The wooden insert extension bed (often lost) fits to the left of the base. Adding the original wooden extension bed allows greater flexibility and stability in the use of the machine.

Prices, June 1928 - June 1933:

List Price: £22 0 0

Less 10% if paid for at the rate of 20/- per month: £19 16 0

Less 15% if paid for within 3 months from date of agreement: £18 14 0

Bet Cash Price: £17 12 0

£1 extra if fitted with Extension Table (June 1928, October 1929, May 1930)

29K60

#EC673288 - 1940, courtesy of Claire Sherwell

Hard to tell from this picture, but this leather sewing machine has a sewing bed arm measuring a massive 17 1/2" long approximately!


20K62

Courtesy of Dannybob


29K70

Courtesy of Mike Trike.

Replaceable steel horn.

Courtesy of CD Thayer

Although the badge reads 29K70 at some time in its life the needle bar Driving Lever (top arm) has been replaced with an early version of the lever, probably from a 29-4, which does not have the adjustable Check Lever feature.

Courtesy of CD Thayer

Missing darning tension assembly.


29K71

Courtesy of Dannybob

End of cylinder bed is 1 inch wide and 7/8 inch deep. Space at right of needle 12 1/4 inches. Diameters of belt grooves 2 7/8 inches and 4 7/8 inches. Replaceable steel horn. Stitch length 7 to 15 to the inch, depending on material being stitched and operations performed. Presser foot rise during feeding action: 1/4 inch (max.clearance: 3/8 inch).

29K72

End of cylinder bed is 1 5/32 inches wide and 1 1/16 inches deep. Space at right of needle 17 1/2 inches. Diameters of belt grooves 3 1/4 inches and 5 1/2 inches. Replaceable steel horn. Stitch length 7 to 15 to the inch, depending on material being stitched and operations performed. Presser foot rise during feeding action: 1/4 inch (max.clearance: 3/8 inch).

29K73

Courtesy of Dannybob

End of cylinder bed is 1 inch wide and 7/8 inch deep. Space at right of needle 17 1/2 inches. Diameters of belt grooves 3 1/4 inches and 5/12 inches. Replaceable steel horn. Stitch length 7 to 15 to the inch, depending on material being stitched and operations performed. Presser foot rise during feeding action: 1/4 inch (max.clearance: 3/8 inch).


Model 29 Tension

Courtesy of Claire Sherwell

29tension.jpg


1 - 193F - Screw

2 - 8620 - Thread Eyelet (head of arm)

3 - 8574 - Friction Spring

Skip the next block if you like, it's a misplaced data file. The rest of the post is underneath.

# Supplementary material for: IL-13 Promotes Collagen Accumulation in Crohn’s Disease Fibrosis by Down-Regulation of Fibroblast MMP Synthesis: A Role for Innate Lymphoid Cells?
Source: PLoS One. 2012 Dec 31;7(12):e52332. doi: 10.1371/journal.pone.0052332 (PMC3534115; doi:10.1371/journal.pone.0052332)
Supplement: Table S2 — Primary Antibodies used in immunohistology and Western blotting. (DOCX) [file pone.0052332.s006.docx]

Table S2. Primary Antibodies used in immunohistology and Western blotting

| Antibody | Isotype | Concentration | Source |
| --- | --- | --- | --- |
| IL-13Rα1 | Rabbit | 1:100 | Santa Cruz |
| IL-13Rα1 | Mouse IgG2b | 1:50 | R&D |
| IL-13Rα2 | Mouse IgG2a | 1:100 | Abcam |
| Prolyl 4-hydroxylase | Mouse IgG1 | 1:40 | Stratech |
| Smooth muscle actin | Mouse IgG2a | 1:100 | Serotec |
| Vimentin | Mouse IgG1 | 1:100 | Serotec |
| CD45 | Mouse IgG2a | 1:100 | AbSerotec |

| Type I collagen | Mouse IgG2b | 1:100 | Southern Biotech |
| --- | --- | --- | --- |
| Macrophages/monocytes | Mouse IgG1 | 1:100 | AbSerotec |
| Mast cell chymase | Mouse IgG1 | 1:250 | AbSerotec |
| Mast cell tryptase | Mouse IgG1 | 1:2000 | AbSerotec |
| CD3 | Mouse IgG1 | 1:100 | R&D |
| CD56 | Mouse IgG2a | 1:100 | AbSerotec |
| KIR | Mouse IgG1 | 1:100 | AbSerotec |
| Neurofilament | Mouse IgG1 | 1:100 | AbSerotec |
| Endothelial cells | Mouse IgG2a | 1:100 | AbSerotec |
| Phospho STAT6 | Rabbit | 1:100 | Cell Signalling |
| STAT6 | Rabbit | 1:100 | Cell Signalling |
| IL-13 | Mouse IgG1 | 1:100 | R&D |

4 - 1177C - Clamping Screw

5 - 82154 - Lifting Lever Shaft Lever with 1177C

6 - 82153 - Lifting Lever Shaft

7 - 82155 - Lifting Lever Shaft Adjusting Lever

8 - 515J - Clamping Screw

9 - 648J - Hinge Screw

10 - 1560W - Tension Thumb Nut (2)

11 - 8619 - Tension Spring

12 - 668D - Adjusting Stud (top)

13 - 8617 - Cup (release)

14 - 8618 - Disc (2)

15 - 84113 - Washer (leather)

16 - 8575 - Friction Spring Pin

17 - 82058 - Head of Machine

18 - 82116 - Thread Guide Pin (side)

19 - SS535W - Head Revolving Bush Stop Thumb Screw

20 - *413D - Adjusting Stud (side)

21 - 2102 - Disc (2)

22 - 2103 - Tension (side) Spring (29K71, 29K73) & 80548 (29K72)

23 - 128D - Head Binding Screw (4)

24 - NN101J - Slide Rod Lock Nut (upper)

25 - 82055 - Foot Bar Revolving Joint Bearing

26 - 8569 - Hinge Pin

27 - NN96J - Lock Nut (lower)

28 - 82056 - Slide Rod

29 - 82059 - Lifter

30 - 66F - Hinge Screw

8568 - Vibrating Presser Lifting Lever Shaft Adjusting Lever Clamping Screw Rivet

33892 - Tension (side) Adjusting Stud 413D with 1560W

82057 - Foot Bar Revolving Joint complete, Nos. NN96J, NN101J, 82055 & 82056


Singer 29 Wood Extension Table

Courtesy of CD Thayer & Claire Sherwell

From page 23 of the 25-page Singer Sewing Machine Manual, Copyright by the Singer Sewing Machine Co. 1913


Wood Table & Drawer Parts (29-4)

Courtesy of Claire Sherwell

29-4extbed3.jpg


Parts shown are NOT to scale

75140 - Table (only)

75141 - Table Cleat

75142 - Table Spanner

75143 - Table Support

75147 - Table Swivel

371 - Table Swivel Bolt (soft, not polished)

1525 - Table Swivel Bolt Nut (soft, not polished)

8631 - Table Hook with two wood screws 3/8" No. 5 (x 2)

28059 - Table Support Hinge with four wood screws 3/8" No. 5 (x 2)

75445 - Drawer

75447 - Drawer Guide

122 - Drawer Guide Screw (soft, not polished)

8 wood screws 3/8" No. 5





Singer 29 Table Pattern

Topic

Courtesy of Susan

Here are plans to assist in making a replacement wooden extension bed for a Singer 29.

The table top itself is made from 20mm plywood, and is 300mm wide by 430mm long. There is a "cutout" for the arm of the machine. You should be able to just enlarge the scan until it is the correct size, then use it as a pattern.

There are two right angled steel plates 60mm long and 25mm wide, which are screwed to the right hand end of the table top. Each of these has a hole drilled, (approx 7mm), which will correspond to either side of the hole in the arm of the machine, assuming the machine has a hole in the casting that goes right through the arm, about 230mm to the right of the very end of the arm.

The table is held in position and supported at the right hand end, by a rod (4" nail in this case) which passes through the three holes.

The "leg" of the attachment is a piece of 9mm plywood, 280mm by 300mm, and this is attached to the underside of the table top via two small hinges, 50mm from the left hand end of the table top. The "leg" supports the left hand end of the table.


Courtesy of Doug

This 29K51 has two hooks cast into the frame, one on each side of the arm and about two inches from it. The table rests on top of the hooks at one end, and on the edge of a support board used as a leg at the other. The bottom of the table has two notches cut into it for clearance to let the tops of the hooks protrude into the table a little. Across the end of the table, closing the open side of the notches, are two small pieces of bent scrap sheet metal which hold the table onto the hooks. The table is a piece of 1 by 8 pine from the lumber yard, about 17 or 18 inches long.